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IBM researchers bring printing to the nanoscale

Novel nanoprinting technique may lead to advances in biomedicine, electronics, and future chips

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Zurich, Switzerland, 11 September 2007—IBM (NYSE: IBM) researchers in collaboration with scientists from the ETH Zurich have demonstrated a new, efficient and precise technique to print at the nanoscale. The method could advance the development of nanoscale biosensors, of lenses that can bend light inside future optical chips, and the fabrication of nanowires that might be the basis of tomorrow’s computer chips.

The achievement, published in the September issue of the journal Nature Nanotechnology, offers a promising and powerful new tool for use in a wide range of fields and industries such as biomedicine, electronics and IT that seek ways to exploit the often unique properties of so-called nanoparticles, i.e. particles that are smaller than 100 nanometers.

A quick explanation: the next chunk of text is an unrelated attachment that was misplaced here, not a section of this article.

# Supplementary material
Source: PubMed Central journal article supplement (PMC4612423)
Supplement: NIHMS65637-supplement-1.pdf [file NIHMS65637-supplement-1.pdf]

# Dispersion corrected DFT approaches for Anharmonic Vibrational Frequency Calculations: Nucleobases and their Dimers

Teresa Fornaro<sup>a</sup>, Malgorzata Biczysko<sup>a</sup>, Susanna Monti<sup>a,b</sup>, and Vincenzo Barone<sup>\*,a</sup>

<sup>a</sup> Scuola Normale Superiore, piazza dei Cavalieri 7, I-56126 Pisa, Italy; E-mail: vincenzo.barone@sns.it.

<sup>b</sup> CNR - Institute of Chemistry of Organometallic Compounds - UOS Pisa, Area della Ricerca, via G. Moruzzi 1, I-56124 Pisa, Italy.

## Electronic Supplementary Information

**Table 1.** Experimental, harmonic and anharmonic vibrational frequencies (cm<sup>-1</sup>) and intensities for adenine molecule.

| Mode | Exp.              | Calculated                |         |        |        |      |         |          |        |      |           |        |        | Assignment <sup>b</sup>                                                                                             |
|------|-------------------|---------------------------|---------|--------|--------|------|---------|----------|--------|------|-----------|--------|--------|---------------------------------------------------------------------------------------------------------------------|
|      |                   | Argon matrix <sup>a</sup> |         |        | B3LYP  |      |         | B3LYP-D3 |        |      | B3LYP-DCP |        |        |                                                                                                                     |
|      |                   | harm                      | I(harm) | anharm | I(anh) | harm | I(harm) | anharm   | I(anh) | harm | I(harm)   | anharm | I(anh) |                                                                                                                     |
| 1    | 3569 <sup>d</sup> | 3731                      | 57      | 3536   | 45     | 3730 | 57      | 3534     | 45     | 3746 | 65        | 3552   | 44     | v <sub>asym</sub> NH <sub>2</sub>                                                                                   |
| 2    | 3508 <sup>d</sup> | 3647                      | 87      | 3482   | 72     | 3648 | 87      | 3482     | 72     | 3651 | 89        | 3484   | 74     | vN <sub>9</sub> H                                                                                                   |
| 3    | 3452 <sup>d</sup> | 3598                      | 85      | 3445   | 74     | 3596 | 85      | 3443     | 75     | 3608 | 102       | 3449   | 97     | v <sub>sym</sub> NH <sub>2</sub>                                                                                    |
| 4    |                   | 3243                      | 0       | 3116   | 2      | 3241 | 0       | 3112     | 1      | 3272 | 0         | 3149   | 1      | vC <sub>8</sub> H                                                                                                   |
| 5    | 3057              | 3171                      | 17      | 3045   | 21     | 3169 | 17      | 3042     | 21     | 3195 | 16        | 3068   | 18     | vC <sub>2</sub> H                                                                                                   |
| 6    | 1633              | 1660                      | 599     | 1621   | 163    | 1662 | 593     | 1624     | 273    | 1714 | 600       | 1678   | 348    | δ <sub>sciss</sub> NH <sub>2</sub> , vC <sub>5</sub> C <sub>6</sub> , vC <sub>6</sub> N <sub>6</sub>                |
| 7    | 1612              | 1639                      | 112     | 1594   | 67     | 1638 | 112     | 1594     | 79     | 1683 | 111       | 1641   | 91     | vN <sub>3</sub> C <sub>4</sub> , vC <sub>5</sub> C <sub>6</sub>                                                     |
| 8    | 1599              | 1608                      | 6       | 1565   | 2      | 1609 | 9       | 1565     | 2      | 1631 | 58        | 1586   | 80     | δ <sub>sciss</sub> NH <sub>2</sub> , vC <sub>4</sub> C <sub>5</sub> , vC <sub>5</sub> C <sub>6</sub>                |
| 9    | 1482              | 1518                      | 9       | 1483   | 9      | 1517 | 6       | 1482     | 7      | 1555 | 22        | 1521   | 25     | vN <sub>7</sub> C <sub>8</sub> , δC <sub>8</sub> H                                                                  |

Until now, standard top-down microfabrication techniques produce such tiny particles by in effect carving them out of a bigger piece of material. Printing, in contrast, adds ready-made nanoparticles onto a surface in a very efficient way and thus facilitates the combination of different materials such as metals, polymers, semiconductors, and oxides.

For the first time, IBM researchers have printed particles as tiny as 60 nanometers—roughly 100 times smaller than a human red blood cell—with single-particle resolution to create nanopatterns ranging from simple lines to complex arrangements. Translating their resolution into “dots per inch” (dpi), a standard measure that defines how many individual spots of ink can be printed on a certain area, the nanoprinting method yields 100,000 dots per inch, whereas common offset printing today operates with 1,500 dpi.

To demonstrate the efficiency and the versatility of their method, IBM researchers chose to print Robert Fludd’s famous 17th-century drawing of the sun, which was alchemists’ symbol for gold. Quite fittingly, it is printed out of roughly 20,000 gold particles, each of them 60 nanometers in diameter. The printing method precisely placed one particle per dot, thus creating the smallest piece of artwork ever printed from single pigment particles.